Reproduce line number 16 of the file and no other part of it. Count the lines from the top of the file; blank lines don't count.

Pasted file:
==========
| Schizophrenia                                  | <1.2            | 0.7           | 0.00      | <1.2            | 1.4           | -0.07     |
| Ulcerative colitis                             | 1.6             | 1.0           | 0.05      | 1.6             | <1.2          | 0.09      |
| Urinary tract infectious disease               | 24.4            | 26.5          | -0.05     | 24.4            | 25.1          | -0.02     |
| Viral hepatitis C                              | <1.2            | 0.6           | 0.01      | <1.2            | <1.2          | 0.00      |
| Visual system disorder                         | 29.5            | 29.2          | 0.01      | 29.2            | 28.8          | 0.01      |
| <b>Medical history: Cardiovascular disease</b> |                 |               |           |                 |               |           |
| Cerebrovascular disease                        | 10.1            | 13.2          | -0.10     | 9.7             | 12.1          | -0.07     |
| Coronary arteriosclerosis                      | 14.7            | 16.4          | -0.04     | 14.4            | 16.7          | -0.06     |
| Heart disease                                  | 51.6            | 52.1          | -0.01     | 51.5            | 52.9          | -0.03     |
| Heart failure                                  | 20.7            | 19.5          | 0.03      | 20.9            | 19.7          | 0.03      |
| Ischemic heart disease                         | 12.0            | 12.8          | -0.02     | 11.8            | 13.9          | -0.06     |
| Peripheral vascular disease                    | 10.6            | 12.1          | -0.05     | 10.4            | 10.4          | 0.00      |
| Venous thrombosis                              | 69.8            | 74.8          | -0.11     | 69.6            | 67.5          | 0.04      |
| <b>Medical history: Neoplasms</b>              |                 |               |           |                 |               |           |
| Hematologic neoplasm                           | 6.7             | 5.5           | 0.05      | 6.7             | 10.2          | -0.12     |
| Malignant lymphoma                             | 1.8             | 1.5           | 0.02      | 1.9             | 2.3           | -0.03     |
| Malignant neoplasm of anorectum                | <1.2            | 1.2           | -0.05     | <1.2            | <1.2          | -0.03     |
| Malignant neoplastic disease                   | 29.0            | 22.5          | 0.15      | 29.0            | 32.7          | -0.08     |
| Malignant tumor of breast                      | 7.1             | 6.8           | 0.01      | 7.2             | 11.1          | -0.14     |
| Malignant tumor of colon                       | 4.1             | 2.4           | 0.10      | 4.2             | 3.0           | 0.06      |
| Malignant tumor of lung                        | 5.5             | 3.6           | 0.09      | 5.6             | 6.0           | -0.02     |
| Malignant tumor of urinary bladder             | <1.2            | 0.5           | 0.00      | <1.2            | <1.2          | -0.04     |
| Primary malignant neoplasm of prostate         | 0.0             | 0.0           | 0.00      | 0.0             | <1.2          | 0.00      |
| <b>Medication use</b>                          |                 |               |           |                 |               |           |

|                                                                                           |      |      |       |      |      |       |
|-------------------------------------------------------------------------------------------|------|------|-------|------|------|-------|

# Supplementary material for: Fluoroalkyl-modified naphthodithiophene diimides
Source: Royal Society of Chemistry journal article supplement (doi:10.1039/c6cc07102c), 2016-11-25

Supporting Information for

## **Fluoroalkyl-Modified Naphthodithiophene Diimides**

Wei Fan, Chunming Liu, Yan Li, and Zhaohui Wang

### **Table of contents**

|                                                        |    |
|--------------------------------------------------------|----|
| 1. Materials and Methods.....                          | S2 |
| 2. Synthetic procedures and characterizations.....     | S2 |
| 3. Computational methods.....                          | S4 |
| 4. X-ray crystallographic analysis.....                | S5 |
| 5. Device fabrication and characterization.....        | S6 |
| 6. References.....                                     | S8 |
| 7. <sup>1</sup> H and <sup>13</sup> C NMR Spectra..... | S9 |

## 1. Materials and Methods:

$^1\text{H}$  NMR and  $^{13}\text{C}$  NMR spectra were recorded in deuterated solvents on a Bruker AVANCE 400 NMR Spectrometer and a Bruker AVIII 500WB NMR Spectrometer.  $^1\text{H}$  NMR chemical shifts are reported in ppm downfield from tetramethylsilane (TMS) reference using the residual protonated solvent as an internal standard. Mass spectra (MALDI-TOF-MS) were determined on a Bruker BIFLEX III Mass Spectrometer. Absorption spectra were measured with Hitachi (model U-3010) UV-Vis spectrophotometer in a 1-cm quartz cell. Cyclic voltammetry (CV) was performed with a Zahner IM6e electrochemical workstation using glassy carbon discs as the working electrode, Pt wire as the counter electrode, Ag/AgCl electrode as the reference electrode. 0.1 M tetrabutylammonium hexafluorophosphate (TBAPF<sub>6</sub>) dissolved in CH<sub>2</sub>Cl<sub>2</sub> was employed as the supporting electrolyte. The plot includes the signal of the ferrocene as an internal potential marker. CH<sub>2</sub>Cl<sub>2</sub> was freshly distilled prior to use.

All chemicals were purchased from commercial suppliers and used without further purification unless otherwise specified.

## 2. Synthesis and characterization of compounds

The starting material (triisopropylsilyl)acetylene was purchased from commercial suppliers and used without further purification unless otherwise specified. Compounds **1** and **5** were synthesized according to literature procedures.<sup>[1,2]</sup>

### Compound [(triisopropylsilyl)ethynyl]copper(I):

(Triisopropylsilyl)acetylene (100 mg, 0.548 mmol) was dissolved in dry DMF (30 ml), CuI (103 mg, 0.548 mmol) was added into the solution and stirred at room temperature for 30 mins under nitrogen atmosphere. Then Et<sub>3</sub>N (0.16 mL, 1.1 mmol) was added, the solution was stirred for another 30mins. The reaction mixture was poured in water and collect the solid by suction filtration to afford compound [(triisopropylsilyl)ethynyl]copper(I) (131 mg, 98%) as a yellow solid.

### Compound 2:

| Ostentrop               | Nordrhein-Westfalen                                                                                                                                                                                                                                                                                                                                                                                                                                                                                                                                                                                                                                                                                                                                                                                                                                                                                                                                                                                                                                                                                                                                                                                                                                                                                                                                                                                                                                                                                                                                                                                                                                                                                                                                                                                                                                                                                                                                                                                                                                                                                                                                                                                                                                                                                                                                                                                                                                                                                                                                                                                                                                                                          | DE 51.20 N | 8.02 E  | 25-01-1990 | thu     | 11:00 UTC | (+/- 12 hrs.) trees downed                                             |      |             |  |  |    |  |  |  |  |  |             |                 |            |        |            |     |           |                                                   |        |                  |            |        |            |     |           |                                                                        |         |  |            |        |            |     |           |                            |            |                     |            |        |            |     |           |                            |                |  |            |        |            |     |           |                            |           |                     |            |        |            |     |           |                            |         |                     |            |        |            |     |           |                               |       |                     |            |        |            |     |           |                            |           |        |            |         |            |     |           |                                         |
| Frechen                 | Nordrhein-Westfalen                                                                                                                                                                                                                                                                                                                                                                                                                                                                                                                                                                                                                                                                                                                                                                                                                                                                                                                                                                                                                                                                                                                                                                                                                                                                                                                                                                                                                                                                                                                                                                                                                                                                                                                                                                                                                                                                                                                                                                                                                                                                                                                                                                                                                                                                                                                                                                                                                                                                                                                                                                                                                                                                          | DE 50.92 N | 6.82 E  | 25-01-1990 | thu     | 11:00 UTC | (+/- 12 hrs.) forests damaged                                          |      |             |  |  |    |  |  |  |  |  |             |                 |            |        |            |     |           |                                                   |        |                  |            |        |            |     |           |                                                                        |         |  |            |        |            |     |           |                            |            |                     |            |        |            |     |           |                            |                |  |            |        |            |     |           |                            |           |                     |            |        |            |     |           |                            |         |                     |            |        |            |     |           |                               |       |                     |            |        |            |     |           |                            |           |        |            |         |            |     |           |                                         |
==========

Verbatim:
| Malignant lymphoma                             | 1.8             | 1.5           | 0.02      | 1.9             | 2.3           | -0.03     |